“On this issue, the Queensland Government’s performance rating is more than twice that of NSW and streets ahead of the other mainland states.”

His only worry was that further reform was threatened by the election.

Below is an excerpt from a list of what the PCA outlines as the top of the policy agenda for the Queensland election. Note the closest the lobby group seems to have come to any mention of sustainability is in calling for better planning outcomes. It’s certainly in a position to call for greater sustainability, which after all is rational, logical and makes for a higher quality property product.

  • Independent review of council planning law _ A key area of focus for future reform must be local government planning schemes. The fact is that these schemes are now excessively complex and this complexity adds time and cost to developing in Queensland.
  • Regional plans with a purpose. . . to ensure you can choose where and how you want to live – Over the past decade, successive regional plans have failed to live up to their potential. We have seen the primacy of the urban footprint eroded by other state government planning regulations, a disconnection from infrastructure planning and a failure to ensure implementation by local governments. All of this has resulted in industry and the community losing confidence in regional planning
  • Assistance for local government in setting planning rules.. . to ensure it is simpler to make changes to your property, with decisions being made faster – Queensland councils are a diverse group. Some have the resources and focus to deliver real change. Others do not. If planning reform is to succeed, funding and resourcing to assist local governments to deliver the on ground change is vital.
  • Tax – For too long, governments have been targeting property owners as an easy source of revenue. – The Government has made a positive decision to reverse previous stamp duty increases on the family home, but there are still too many extra costs being lumped on the property industry. The Property Council’s plan for Brighter Communities and a Stronger Economy identifies three actions that will make Queensland a better place to invest.
  • Establish a tax reform advisory council… to ensure the national tax changes planned by the Federal Government deliver a fair result for Queensland
  • Fairness in local government rating systems… to ensure individual property owners pay their fair share of taxes.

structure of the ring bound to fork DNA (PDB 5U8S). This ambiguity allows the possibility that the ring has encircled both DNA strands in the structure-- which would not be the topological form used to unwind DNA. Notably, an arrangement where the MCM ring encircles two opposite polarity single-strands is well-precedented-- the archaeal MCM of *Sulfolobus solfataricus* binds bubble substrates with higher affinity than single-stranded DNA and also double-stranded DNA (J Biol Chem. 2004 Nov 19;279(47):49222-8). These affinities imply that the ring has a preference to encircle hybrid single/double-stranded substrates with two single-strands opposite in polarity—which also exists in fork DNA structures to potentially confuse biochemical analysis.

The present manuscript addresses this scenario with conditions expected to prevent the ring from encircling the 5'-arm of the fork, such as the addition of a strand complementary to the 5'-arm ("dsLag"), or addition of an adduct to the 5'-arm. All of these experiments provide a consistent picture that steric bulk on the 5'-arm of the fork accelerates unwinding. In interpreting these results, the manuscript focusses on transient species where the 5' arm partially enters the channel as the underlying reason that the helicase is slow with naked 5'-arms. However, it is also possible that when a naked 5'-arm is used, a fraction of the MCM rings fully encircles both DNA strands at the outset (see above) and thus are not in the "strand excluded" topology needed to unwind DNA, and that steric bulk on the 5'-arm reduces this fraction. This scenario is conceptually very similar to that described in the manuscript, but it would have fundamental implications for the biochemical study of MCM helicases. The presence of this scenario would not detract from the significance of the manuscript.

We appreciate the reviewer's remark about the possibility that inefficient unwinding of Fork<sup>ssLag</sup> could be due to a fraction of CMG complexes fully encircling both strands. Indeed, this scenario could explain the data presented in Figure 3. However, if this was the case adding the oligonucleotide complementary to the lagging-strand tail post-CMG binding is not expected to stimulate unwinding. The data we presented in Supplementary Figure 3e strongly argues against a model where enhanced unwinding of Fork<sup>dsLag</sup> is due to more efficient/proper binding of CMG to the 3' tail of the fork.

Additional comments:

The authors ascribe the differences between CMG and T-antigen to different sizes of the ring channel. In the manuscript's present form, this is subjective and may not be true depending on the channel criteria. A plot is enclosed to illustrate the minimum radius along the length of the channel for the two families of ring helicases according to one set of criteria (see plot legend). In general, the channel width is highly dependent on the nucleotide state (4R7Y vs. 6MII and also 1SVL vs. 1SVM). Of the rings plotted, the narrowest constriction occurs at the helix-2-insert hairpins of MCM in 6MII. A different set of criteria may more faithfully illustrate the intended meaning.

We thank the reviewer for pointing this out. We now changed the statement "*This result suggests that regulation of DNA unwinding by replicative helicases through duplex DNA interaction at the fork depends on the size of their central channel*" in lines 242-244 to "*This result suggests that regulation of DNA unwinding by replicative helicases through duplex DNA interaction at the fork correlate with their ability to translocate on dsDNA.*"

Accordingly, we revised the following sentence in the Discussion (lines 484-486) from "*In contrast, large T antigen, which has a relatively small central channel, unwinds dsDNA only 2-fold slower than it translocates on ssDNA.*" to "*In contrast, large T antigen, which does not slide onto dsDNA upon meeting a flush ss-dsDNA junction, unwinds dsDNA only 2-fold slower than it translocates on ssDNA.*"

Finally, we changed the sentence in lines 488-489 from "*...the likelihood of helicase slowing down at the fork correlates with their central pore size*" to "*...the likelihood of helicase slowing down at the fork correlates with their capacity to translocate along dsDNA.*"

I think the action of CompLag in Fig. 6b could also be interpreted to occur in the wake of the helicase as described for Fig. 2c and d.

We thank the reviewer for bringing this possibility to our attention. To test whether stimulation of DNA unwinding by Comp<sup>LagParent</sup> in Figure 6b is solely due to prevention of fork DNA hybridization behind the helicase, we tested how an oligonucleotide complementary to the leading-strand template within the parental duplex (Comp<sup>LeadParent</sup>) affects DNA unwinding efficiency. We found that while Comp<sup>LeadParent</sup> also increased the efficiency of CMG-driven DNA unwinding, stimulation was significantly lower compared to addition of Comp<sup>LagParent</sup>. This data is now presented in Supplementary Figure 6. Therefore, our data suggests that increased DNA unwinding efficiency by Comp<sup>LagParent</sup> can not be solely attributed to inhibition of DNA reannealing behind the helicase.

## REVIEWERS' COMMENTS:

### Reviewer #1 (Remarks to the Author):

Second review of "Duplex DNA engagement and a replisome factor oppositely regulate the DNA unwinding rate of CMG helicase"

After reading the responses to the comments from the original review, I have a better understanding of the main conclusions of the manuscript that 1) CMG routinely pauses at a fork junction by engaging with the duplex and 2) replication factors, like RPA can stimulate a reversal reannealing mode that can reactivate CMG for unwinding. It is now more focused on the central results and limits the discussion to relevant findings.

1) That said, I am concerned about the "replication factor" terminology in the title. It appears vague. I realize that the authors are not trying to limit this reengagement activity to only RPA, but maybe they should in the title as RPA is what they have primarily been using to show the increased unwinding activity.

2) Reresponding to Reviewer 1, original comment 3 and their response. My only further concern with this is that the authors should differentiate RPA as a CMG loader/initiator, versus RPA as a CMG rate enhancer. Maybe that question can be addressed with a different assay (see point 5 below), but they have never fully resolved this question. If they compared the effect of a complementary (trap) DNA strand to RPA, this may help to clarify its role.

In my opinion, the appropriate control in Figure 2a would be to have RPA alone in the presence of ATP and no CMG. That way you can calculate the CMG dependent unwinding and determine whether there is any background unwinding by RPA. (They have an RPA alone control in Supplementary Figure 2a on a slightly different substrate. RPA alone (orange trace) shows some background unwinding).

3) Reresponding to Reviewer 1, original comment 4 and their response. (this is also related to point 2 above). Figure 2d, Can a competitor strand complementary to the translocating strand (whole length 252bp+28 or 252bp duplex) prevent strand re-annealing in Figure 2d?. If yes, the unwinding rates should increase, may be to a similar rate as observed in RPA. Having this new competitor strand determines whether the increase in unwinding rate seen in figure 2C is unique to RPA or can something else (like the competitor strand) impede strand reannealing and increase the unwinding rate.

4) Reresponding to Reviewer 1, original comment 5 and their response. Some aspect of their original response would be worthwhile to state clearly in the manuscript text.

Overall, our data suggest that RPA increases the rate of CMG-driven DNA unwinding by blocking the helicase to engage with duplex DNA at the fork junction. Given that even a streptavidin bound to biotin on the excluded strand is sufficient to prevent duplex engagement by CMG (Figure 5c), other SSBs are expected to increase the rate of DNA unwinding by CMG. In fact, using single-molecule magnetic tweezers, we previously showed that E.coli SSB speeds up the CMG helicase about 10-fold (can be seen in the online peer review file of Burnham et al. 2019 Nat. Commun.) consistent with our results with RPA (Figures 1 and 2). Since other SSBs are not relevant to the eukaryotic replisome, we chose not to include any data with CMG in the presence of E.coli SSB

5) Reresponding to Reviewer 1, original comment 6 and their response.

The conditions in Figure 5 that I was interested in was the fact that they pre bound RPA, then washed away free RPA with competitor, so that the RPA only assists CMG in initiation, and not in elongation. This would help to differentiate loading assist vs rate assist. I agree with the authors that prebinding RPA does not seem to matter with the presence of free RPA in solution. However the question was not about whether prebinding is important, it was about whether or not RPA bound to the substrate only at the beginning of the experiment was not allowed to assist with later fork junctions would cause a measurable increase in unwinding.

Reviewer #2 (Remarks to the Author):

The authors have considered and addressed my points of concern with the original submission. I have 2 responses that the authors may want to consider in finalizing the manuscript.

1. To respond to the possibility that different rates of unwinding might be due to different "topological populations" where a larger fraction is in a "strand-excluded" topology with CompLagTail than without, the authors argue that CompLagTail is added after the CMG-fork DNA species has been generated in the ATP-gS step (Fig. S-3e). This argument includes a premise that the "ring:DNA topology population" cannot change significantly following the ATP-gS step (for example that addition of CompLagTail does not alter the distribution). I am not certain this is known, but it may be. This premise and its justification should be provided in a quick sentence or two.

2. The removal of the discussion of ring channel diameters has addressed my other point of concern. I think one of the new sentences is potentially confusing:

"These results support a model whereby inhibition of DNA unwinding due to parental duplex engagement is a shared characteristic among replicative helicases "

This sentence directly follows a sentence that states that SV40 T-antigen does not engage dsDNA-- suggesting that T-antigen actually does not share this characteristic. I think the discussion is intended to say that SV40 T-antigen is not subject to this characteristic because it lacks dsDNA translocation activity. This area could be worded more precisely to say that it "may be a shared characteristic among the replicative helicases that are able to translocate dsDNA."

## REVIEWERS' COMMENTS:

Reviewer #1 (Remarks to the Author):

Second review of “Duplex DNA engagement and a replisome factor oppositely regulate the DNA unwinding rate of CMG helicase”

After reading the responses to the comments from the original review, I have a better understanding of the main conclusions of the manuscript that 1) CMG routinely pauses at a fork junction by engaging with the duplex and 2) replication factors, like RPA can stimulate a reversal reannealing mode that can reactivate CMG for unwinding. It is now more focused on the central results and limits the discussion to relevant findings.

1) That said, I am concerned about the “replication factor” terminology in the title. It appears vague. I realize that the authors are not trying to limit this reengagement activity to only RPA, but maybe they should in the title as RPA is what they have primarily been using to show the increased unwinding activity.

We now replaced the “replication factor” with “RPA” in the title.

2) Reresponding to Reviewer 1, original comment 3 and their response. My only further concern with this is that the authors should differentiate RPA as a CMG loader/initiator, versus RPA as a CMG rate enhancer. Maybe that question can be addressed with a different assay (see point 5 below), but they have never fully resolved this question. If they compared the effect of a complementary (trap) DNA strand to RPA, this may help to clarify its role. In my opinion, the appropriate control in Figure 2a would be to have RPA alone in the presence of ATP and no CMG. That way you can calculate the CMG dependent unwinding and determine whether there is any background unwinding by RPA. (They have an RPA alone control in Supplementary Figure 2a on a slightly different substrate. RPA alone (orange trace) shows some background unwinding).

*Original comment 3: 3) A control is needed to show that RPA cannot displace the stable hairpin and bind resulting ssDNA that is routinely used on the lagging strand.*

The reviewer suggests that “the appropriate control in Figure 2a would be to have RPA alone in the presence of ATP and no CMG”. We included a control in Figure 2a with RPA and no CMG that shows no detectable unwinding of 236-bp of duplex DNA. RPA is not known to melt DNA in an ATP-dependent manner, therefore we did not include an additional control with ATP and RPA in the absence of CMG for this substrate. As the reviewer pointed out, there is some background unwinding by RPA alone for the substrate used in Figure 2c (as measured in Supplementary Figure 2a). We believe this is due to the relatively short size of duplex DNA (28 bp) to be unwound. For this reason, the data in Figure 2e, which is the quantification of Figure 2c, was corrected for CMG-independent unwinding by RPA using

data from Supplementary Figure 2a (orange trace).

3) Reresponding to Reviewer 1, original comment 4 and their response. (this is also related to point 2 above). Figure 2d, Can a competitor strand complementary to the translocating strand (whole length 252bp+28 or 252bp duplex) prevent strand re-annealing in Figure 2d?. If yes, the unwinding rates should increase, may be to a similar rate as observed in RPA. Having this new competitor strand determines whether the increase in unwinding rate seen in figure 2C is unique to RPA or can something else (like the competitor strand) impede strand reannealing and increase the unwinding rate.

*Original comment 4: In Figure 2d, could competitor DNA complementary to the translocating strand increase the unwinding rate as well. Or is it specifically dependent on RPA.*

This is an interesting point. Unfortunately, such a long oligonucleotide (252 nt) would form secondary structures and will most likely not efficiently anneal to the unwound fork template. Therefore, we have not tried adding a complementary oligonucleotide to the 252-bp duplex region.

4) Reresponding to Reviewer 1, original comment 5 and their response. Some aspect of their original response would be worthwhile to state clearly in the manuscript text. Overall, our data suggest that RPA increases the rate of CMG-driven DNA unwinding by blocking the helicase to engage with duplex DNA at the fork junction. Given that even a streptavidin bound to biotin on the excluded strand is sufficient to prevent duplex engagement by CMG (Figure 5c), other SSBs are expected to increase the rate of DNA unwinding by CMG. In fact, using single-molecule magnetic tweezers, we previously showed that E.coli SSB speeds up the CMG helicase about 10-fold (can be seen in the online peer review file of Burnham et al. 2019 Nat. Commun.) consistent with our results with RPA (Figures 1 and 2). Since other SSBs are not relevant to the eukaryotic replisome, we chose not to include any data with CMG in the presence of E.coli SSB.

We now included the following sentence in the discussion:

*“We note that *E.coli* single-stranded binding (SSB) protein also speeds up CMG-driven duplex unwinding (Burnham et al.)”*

• Consistency in fees and charges…  to ensure the amount we are paying reflects the services we receive.

Community and industry groups

Here’s an excerpt of what community and industry groups told the state government in consultation for its Queensland Plan for the next 30 years.

  • Our mines and farms produce more at less cost to our environment. Industry-led and collaborative stewardship programs support our sustainable growth. We adopt more renewable energy sources. Through such rigorous standards, our environment is returned to its natural state.
  • Our natural assets are valued and protected for future generations to enjoy. We have internationally renowned natural and cultural heritage tourism experiences. People visit and choose to stay here because we have world-class opportunities to experience Queensland.
  • Our priority is protecting our environment. We ensure our national parks, World Heritage areas, cultural heritage areas, prime agricultural land, water supplies, significant ecosystems and heritage places are conserved and managed well.
  • We have a healthy natural environment that is a key contributor to our economy. By protecting and maintaining our natural assets, we thrive in key industries such as tourism and agriculture.
  • We are renowned worldwide for our research, investment in, and delivery of renewable energy solutions. We develop industry, community and government partnerships to preserve Queensland’s landscapes and wildlife.
  • Our learning and development programs teach us to value and protect the environment. We make wise choices in our personal consumption of natural resources. Communities are supported to care for their local natural environments.
  • Alternative, renewable energy is a Queensland commodity. It is affordable, commercially viable and available to all Queenslanders.
  • Our infrastructure supports these renewable energy solutions.
  • We use sustainable business practices as a competitive advantage in the global marketplace.
  • Sustainability is embedded into our business culture. It is carefully considered in our planning and research into the future.